FWIW…

  • TANSTAAFL

    Major Tom,

    I agree with your analysis. The facts of your analysis are hard to refute.

    I expect that the White House, including but not limited to OMB, will use the same numbers and come to similar conclusions.

    The writing is on the wall for all to see.

    FWIW,

    TANSTAAFL

  • Tom D

    I think it likely that some sort of shuttle-derived vehicle will still be kept to keep as many people employed as possible; however, that will likely just be for cargo. Hopefully, a scaled back version of Ares V that looks like the Jupiter 131. I hope Ares I is killed as soon as possible, but it looks like NASA is paralyzed until a new administrator is selected and approved. That will likely be quite a battle. I don’t expect to see that until the Administration has gotten as far as they can with their health care reform initiative.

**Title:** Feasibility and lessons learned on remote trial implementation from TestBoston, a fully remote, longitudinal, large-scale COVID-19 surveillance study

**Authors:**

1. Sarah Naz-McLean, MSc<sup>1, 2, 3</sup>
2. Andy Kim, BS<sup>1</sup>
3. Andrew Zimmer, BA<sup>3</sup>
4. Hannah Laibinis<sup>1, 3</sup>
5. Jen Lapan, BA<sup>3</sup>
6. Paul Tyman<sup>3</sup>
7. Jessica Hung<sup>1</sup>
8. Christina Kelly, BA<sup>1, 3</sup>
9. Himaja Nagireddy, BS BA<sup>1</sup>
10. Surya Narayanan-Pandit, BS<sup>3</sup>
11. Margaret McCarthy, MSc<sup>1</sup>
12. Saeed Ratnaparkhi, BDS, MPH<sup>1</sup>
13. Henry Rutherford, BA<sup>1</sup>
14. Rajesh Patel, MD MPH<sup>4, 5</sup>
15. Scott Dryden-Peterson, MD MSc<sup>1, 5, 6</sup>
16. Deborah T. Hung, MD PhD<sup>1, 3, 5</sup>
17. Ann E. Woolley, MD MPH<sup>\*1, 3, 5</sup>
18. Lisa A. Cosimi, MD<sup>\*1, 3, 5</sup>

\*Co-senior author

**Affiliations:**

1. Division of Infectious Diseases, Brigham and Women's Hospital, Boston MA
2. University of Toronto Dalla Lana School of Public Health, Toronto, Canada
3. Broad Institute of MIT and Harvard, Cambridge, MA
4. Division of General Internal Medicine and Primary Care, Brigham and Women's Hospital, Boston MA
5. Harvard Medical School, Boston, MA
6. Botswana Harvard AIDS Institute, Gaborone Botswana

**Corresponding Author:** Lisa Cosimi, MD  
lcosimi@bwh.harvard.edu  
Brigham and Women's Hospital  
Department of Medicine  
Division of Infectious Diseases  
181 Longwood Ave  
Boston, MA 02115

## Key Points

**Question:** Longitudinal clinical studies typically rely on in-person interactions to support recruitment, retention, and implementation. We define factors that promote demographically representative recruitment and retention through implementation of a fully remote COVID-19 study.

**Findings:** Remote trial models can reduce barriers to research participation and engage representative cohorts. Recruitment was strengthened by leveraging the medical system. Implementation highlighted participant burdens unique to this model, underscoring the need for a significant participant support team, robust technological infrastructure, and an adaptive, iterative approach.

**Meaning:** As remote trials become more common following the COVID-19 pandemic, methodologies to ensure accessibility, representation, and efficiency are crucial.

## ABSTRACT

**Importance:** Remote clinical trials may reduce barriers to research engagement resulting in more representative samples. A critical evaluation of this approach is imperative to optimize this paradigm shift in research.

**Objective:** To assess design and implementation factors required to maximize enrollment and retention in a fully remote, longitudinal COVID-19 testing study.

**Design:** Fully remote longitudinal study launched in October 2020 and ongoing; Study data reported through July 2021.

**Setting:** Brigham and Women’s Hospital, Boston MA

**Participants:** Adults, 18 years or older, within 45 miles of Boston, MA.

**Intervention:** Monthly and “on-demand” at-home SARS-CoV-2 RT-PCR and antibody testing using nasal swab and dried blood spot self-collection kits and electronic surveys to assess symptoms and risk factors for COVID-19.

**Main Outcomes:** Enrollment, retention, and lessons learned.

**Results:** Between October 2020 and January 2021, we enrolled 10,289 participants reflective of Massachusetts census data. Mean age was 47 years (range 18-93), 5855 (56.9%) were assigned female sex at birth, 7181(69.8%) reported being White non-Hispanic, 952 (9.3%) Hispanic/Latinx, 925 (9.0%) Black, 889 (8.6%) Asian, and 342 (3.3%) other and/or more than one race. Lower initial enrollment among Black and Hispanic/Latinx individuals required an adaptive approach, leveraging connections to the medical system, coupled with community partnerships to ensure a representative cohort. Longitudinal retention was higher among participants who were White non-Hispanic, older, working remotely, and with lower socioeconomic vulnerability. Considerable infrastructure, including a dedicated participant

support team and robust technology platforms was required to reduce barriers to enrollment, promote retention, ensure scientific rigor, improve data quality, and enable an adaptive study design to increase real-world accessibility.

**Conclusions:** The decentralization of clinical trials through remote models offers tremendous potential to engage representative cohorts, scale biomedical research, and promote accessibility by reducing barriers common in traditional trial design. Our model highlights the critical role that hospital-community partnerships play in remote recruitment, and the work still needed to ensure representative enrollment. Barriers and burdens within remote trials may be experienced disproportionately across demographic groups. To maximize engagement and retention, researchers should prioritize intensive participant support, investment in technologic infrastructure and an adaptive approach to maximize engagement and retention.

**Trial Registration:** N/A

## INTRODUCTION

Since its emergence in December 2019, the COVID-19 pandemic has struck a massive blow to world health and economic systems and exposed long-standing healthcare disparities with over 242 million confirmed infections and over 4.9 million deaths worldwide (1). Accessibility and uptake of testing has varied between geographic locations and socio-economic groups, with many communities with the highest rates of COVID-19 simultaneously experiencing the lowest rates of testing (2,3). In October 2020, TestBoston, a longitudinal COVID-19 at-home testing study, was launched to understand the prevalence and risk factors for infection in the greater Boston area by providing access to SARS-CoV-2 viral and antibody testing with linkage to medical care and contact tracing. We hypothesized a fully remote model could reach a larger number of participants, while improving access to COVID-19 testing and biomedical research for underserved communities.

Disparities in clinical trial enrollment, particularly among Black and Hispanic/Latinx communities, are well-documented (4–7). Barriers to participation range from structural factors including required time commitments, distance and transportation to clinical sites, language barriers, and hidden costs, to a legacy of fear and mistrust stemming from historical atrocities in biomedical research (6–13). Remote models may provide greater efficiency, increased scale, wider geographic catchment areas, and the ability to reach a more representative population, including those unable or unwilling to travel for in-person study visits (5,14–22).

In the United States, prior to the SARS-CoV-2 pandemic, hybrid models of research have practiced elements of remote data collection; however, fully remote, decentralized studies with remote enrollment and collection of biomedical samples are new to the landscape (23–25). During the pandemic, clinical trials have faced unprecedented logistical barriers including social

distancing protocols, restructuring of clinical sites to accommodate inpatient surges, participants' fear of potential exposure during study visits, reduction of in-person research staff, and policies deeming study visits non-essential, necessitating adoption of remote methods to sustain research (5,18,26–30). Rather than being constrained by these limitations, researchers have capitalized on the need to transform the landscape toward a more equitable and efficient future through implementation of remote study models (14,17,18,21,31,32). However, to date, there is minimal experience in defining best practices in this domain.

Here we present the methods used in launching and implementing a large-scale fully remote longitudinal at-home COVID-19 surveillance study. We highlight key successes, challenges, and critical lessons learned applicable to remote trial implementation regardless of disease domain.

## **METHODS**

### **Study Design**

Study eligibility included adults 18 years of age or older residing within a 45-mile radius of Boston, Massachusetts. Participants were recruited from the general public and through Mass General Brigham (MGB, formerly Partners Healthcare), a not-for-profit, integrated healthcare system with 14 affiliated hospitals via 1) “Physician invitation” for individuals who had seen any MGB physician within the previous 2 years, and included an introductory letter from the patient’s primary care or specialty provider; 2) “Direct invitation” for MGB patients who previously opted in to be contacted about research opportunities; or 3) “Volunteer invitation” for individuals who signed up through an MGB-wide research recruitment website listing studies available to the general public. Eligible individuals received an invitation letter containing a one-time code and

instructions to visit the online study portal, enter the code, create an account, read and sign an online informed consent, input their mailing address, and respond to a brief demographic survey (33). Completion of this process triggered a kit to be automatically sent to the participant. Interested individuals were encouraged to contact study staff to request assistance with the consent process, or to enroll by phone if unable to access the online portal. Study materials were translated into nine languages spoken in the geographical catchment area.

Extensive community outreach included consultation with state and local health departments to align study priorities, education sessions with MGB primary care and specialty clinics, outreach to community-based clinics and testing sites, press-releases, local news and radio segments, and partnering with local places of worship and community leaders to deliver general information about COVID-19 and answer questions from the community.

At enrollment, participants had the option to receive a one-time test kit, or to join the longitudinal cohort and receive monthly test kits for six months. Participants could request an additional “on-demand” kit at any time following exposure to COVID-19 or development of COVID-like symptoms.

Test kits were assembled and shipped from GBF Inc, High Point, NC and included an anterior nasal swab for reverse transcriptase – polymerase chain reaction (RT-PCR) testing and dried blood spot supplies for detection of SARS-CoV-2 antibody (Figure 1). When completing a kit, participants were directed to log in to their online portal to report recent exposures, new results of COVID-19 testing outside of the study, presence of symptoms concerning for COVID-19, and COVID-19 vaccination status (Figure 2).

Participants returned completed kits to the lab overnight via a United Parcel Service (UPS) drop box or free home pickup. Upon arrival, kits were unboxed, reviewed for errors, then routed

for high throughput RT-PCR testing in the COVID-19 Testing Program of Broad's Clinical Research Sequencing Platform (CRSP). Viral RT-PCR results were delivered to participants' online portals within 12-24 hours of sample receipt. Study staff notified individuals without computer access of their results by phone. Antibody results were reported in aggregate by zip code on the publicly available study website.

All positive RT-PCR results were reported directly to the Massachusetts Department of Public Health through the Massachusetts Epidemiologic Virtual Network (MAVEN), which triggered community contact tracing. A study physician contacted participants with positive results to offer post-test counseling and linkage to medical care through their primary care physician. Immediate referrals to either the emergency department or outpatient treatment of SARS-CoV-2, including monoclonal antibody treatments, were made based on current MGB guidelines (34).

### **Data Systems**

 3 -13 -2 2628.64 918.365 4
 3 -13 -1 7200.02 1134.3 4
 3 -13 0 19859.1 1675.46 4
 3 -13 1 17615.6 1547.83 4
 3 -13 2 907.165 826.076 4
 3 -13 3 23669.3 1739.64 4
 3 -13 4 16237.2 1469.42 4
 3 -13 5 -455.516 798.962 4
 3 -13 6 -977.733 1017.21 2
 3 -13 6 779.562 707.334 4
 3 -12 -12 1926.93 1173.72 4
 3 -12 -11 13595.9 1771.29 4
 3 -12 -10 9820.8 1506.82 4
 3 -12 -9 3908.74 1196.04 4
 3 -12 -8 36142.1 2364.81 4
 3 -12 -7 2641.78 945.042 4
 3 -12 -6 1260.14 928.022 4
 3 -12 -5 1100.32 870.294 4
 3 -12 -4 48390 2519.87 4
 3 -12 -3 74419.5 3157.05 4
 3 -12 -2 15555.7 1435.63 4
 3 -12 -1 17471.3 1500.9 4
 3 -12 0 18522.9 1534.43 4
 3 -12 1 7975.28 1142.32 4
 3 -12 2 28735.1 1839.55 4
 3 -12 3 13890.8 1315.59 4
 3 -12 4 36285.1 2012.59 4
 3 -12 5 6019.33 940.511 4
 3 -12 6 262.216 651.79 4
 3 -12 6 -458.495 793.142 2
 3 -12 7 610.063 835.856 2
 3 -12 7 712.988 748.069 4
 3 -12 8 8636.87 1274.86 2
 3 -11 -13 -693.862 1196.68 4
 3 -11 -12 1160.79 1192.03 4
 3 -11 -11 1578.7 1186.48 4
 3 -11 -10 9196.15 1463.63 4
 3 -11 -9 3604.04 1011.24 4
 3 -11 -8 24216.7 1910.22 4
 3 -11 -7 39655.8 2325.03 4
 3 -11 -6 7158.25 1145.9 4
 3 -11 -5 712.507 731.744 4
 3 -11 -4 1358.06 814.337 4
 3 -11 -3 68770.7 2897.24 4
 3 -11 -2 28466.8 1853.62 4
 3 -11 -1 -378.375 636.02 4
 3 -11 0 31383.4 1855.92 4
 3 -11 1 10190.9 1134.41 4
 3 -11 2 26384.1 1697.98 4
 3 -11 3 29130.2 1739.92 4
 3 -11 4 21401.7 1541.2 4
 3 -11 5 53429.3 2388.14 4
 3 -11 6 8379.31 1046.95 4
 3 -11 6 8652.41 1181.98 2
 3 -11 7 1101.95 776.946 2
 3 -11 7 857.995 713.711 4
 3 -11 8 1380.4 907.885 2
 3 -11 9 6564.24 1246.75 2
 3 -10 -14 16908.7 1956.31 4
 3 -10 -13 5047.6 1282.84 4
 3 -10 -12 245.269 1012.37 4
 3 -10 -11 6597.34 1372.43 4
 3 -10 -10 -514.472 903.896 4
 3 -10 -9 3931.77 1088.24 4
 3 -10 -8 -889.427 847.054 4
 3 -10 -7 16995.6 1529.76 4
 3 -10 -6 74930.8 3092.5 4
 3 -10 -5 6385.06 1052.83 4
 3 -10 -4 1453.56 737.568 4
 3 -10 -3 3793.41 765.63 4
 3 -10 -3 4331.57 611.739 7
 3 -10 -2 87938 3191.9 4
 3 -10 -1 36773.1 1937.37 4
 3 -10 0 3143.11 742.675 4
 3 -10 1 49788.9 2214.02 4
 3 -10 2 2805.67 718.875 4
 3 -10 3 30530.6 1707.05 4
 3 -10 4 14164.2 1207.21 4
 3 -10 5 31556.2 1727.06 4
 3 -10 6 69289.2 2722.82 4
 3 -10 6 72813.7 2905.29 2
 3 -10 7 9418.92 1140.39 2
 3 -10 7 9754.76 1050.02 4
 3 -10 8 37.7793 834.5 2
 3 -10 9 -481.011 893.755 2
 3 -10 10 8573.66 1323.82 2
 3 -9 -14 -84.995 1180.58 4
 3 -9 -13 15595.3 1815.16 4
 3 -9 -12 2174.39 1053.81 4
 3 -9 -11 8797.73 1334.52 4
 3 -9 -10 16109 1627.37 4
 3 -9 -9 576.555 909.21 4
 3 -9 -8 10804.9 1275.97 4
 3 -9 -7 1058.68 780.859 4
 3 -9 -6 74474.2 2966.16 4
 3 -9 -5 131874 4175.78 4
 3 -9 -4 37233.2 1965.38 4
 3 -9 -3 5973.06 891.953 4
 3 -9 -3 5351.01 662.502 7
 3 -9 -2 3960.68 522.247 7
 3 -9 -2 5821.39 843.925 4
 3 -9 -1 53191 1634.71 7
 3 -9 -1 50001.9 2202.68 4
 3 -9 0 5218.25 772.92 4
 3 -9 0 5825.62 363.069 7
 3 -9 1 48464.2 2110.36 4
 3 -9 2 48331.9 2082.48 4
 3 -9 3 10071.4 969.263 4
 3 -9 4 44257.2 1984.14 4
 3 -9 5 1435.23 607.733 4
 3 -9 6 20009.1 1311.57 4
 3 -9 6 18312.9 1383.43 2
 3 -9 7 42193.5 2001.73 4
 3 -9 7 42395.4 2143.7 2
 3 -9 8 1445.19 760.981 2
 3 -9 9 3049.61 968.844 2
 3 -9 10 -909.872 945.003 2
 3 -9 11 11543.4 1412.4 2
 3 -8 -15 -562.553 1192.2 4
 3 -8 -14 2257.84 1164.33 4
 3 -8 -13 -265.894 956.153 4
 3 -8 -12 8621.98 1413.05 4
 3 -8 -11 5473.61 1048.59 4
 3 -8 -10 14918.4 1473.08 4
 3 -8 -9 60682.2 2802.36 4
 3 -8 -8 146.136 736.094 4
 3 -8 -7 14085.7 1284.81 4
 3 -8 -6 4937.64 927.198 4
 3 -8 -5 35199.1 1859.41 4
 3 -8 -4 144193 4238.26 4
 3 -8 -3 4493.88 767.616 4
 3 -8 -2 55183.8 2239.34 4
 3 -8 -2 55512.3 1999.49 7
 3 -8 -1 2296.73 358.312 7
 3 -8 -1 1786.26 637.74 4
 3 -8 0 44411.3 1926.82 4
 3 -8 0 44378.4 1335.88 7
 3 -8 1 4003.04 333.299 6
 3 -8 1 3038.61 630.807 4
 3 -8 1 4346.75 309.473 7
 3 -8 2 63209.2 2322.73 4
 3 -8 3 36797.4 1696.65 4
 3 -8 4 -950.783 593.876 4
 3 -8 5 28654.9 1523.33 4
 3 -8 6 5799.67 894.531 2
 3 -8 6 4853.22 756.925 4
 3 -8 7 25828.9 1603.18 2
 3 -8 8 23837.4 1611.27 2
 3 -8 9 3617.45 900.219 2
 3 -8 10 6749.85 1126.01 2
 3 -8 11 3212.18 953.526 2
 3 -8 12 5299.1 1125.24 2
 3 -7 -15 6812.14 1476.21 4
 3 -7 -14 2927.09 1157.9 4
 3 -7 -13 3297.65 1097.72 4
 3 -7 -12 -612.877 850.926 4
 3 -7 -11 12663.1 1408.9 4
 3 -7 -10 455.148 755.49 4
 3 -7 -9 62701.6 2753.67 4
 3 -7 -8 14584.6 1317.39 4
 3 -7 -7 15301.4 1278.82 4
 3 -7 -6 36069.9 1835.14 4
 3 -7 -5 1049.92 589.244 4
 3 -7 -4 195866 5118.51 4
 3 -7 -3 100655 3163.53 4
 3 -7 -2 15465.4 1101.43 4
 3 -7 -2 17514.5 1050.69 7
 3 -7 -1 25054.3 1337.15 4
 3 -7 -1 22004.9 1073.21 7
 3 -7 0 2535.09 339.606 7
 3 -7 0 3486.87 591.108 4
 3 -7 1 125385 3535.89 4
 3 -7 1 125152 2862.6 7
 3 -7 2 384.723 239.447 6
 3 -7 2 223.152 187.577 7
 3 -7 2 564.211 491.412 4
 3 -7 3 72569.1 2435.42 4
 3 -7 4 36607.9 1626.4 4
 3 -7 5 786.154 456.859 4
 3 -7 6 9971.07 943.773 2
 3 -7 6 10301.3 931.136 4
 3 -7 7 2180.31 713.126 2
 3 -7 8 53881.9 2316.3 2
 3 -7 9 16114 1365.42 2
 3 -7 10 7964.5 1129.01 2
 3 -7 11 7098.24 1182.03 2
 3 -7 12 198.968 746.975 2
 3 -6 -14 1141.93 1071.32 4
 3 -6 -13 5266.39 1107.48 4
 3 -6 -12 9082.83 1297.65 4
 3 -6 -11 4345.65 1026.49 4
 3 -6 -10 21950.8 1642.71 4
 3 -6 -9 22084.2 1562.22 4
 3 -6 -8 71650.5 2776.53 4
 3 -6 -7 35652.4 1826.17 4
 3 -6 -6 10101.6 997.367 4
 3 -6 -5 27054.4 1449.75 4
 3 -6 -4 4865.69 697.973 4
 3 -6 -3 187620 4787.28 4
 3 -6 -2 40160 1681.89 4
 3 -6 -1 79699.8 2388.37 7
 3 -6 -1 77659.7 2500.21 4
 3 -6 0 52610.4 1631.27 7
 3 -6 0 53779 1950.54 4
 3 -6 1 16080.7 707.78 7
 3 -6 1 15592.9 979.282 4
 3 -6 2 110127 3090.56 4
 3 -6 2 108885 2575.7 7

• Aries I is a mess, its underpowered and I don’t think we’ve even started to see the cost overruns yet. Come on from runway landings to ocean splashdowns maybe we should call this thing gemini. Use cheap launchers to launch orion and go straight into development of Aries V or an Aries IV variant. Better yet drop everything and go back to the drawing board. Maybe shuttle C.

    Getting rid of the shuttle now is a bad mistake, once again like apollo and skylab we develop tech and through it away.